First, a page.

Issue: apprehended bias in circumstances where the first instance decision maker Senior Member Ms Endicott also presided on the appeal.
 The first respondent (the Adult Guardian) did not appear on the hearing. Counsel for the second respondent (the Public Trustee), Mr Whiteford, frankly and helpfully addressed submissions to the court which supported the applicant and sought this Court’s opinion on the appropriateness of the constitution of QCAT for the determination of the applicant’s proceedings before it.
 There is no doubt that the applicant feels a keen sense of grievance at the manner in which her proceedings were disposed of. She deposed:
“A fundamental issue in the proceedings before (the Guardianship Tribunal) in 2009 … was whether I was an appropriate or more appropriate guardian than a Government entity. … I am also now further aggrieved by the fact that the Senior Tribunal Member Mrs Clare Endicott presided on the QCAT Appeal Tribunal which again made a determination adverse (to) myself in that it was ultimately decided in effect that I was still not more appropriate as a guardian and administrator than the … Respondents. I am aghast that such an ultimate finding … could be made … by a person who had also been involved in an earlier related decision … (on) 16 July 2009. I believe that … a person who was previously involved in the same type of decision as to my level of appropriateness should never have presided, least of all made a determination adverse to me … .”
 There is considerable substance in the applicant’s complaint about the constitution of QCAT which determined her application and appeal. Although it can have no practical effect in her case we consider that we should grant leave to appeal and determine the appeal on the ground of apprehended bias because the issue is an important one which goes to public confidence in the processes of QCAT and the decision of this Court may assist to avoid similar problems in the future. The court heard argument on the point raised by the appeal, as well as the application for leave to appeal.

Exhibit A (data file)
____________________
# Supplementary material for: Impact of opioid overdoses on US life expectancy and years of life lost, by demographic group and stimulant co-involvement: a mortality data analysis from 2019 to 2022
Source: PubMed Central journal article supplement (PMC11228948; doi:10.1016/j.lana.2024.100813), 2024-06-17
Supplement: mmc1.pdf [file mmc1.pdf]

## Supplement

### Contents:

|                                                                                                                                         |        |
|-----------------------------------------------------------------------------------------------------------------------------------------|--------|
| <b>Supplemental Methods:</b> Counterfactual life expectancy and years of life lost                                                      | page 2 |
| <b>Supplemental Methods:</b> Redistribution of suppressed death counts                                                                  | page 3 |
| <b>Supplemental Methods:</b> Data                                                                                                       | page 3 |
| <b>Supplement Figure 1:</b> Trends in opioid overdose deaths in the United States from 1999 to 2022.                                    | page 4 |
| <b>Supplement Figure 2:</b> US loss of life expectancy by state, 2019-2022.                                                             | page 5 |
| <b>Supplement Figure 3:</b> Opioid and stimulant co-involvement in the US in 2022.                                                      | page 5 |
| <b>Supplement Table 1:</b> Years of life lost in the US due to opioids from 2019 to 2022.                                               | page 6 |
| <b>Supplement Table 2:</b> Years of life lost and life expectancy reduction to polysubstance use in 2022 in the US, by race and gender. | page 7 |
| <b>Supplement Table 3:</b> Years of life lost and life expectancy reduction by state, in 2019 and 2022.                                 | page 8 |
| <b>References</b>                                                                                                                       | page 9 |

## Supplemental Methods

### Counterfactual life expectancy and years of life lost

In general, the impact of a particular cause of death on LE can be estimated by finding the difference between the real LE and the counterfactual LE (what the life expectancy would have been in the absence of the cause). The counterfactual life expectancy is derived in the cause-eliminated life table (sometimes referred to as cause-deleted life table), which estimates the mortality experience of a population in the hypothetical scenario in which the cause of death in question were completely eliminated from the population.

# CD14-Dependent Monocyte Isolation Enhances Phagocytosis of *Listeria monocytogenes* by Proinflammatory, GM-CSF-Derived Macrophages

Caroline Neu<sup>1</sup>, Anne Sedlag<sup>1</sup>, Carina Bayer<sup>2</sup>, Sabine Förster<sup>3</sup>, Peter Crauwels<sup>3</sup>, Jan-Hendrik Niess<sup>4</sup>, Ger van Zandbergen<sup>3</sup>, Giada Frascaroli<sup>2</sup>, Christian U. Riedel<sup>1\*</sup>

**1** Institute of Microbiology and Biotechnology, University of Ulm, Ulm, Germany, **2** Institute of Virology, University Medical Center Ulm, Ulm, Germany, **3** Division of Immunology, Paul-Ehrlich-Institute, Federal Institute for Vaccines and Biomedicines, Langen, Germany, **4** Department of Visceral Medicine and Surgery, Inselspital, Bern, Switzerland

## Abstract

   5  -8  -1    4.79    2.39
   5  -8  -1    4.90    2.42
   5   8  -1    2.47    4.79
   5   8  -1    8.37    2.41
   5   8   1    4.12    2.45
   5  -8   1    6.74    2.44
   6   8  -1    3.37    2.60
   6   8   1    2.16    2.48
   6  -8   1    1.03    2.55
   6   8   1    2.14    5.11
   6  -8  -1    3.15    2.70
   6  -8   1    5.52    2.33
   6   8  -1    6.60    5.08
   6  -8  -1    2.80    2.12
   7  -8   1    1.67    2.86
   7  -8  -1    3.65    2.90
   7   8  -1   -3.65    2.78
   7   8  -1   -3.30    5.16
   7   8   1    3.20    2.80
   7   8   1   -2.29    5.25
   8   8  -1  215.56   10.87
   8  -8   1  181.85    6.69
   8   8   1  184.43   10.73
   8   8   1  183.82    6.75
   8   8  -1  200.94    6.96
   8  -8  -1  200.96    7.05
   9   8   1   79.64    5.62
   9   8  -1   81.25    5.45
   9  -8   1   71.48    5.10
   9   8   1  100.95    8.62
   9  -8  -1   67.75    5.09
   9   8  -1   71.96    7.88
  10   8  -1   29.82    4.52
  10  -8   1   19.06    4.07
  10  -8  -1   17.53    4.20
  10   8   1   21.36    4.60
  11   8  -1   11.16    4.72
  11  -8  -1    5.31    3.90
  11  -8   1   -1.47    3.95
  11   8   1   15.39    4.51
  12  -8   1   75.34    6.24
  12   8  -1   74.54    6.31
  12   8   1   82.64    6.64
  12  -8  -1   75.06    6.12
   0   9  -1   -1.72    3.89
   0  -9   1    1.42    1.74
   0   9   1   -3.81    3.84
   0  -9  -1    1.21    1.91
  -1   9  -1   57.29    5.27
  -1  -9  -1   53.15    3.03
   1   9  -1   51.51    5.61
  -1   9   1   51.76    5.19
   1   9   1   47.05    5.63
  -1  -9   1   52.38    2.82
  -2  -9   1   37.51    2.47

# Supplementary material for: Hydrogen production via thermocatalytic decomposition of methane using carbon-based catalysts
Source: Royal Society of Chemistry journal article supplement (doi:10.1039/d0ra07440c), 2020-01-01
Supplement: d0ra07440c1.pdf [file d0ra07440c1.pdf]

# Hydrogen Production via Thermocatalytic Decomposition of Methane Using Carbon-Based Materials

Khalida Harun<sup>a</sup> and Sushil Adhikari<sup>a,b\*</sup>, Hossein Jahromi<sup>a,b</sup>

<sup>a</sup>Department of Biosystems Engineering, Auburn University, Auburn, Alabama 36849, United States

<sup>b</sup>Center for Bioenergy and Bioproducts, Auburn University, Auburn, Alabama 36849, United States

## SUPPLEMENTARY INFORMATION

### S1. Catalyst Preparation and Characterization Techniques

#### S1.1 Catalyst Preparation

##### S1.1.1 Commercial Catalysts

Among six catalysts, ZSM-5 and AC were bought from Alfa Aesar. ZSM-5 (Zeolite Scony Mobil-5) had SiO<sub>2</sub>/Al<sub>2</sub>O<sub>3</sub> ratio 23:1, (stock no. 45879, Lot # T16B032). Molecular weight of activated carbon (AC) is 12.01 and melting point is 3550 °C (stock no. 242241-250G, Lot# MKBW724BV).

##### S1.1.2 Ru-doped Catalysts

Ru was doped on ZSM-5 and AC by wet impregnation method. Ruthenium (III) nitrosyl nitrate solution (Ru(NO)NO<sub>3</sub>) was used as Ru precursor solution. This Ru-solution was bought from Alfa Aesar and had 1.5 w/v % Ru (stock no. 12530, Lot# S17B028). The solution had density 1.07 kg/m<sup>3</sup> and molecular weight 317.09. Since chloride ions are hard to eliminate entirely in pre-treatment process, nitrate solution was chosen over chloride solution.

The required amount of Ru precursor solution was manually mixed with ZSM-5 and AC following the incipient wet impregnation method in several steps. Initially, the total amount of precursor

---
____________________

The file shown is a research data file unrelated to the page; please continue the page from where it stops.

The applicant submitted:
“… there was (and remains), as a matter of possibility (real not remote), a reasonable apprehension of bias because a hypothetical lay observer would apprehend that Mrs Endicott was biased when she approached her QCATA determinations of 10 March 2011 given that she had previously, in the … Decision of 16 July 2009, determined issues or „found a state of affairs‟ which were the same or similar … to be determined in the (appeal) proceedings. One main ‘state of affairs’ was that the Applicant/Appellant was not an appropriate Guardian. … a hypothetical lay observer would undoubtedly perceive bias in that … the Applicant/Appellant (could not) now persuade Mrs Endicott that she was ‘more appropriate’ than the (Adult Guardian) … when Mrs Endicott had initially appointed the Adult Guardian in the first place … .”
 The submission should be accepted. In its most recent discussion on this point in British American Tobacco Australia Services Limited v Laurie  HCA 2 Heydon, Kiefel and Bell JJ said (at ):
“In Livesey it was said that a fair-minded observer might entertain a reasonable apprehension of bias if a judge sits to hear a case after the judge has, in a previous case, expressed “clear views” about a question of fact constituting a live and significant issue in the subsequent case or about the credit of a witness whose evidence is of significance on such a question”. (footnote omitted)
The reference was to Livesey v New South Wales Bar Association (1983) 151 CLR 288.
 Their Honours went on: